During the past couple of weeks, I’ve been working on a library that can convert SWF files to FLV files and vice versa. I’ve finally succeeded and release v0.10 tonight! If you are a media expert (or amateur!) I’d love some help testing this. Currently, I’ve only tested on Mac with FLV and SWF files generated by the On2 Flix Exporter for QuickTime. Media from other sources and testing on other platforms would be greatly appreciated.
The SWF and FLV file formats are media containers invented by Macromedia (now Adobe) for playback in Flash. Each file format has its own purpose, but with regard to just video and audio they are quite similar under the hood:
Both are tag-oriented container formats. FLV supports three types of tags (video, audio and meta) while SWF supports over 60 (video, audio, bytecode, shapes, sprites, fonts, etc) and is still growing. FLV represents a static media stream, like many of the QuickTime and Windows Media audio/video formats. SWF, on the other hand, is animated vector art with code, like SVG. Macromedia has been quite good about documenting the file formats, although they typically delay release of documentation for a generation (i.e. the Flash 6 documentation was published when Flash 7 came out) and require a license agreement.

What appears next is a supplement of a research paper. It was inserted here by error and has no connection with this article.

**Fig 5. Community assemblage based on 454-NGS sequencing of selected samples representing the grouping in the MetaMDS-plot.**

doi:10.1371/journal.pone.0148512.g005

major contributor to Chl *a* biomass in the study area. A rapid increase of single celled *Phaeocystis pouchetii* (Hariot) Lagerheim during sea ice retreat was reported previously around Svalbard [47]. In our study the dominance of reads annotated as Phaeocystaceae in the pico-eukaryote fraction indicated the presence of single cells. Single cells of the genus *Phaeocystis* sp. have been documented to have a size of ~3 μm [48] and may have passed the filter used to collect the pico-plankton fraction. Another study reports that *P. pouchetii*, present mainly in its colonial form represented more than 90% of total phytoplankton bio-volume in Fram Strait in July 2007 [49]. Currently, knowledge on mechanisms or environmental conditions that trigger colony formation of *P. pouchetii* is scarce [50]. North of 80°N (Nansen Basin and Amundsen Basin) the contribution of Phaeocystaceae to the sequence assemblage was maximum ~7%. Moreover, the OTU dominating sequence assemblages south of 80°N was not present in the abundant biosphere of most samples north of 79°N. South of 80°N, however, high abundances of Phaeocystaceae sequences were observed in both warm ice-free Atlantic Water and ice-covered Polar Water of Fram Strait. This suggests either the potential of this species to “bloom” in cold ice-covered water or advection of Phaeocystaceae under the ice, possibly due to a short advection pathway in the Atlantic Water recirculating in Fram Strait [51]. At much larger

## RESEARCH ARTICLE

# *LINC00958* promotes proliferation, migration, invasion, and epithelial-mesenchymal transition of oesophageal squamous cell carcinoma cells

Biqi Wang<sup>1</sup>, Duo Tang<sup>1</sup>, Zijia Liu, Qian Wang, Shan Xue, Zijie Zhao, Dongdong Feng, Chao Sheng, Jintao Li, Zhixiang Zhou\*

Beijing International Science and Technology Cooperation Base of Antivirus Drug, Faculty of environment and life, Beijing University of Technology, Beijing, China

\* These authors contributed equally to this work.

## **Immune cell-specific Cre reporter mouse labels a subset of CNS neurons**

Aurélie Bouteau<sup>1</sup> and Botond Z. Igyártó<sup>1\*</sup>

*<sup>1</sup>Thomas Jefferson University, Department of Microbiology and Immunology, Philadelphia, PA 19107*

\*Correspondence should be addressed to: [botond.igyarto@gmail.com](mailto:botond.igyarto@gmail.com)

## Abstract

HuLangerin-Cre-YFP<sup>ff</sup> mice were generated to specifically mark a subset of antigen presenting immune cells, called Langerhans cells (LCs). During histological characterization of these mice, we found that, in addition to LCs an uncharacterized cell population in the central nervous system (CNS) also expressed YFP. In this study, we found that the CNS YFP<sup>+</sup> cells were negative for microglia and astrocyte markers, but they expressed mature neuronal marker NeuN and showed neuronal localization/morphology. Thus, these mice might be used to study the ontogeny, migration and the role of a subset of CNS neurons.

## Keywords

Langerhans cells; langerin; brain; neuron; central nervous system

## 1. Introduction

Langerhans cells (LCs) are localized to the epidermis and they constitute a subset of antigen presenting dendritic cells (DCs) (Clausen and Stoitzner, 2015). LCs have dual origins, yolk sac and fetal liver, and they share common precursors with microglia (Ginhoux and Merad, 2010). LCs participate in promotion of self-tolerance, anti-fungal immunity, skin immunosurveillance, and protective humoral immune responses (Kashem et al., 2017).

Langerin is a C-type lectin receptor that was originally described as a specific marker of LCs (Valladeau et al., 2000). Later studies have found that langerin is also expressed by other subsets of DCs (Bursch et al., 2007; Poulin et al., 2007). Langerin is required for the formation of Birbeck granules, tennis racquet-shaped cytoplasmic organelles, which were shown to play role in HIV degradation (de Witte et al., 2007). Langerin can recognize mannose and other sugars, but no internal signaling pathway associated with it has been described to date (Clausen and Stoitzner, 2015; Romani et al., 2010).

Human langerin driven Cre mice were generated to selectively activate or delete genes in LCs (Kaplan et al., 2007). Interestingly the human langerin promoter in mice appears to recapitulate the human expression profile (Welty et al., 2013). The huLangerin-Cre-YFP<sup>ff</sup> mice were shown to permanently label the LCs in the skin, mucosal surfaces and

The two tags types that SWF and FLV have in common (video and audio) share the same binary format for the media encoding, like MP3, H.263, VP6, ADCRM, ScreenVideo, NellyMoser, etc. Consequently it is feasible to convert audio and video data between the two file formats without requiring time-consuming transcoding or patented media encoding algorithms.
There are several complications involved in the conversion, however, that I had to overcome. For example SWF insists that there may be at most one audio packet per video frame and infers time from the video framerate. FLV on the other hand uses absolute time codes for every packet, whether video or audio.
While I was at it, I threw in an FLV to MP3 converter too since that’s just a subset of the FLV to SWF converter, and was handy for debugging.
I certainly have to give credit to the Ruby FLVTool2 library for helping me get v0.01 of my library (the initial FLV parsing part) out the door. That library helped me discover one place where Macromedia’s documentation was erroneous and helped me understand the undocumented FLV meta tag. Additionally, I must credit the SWF::File Perl library, which handles the SWF read/write portions of my transcoder. Yay open source!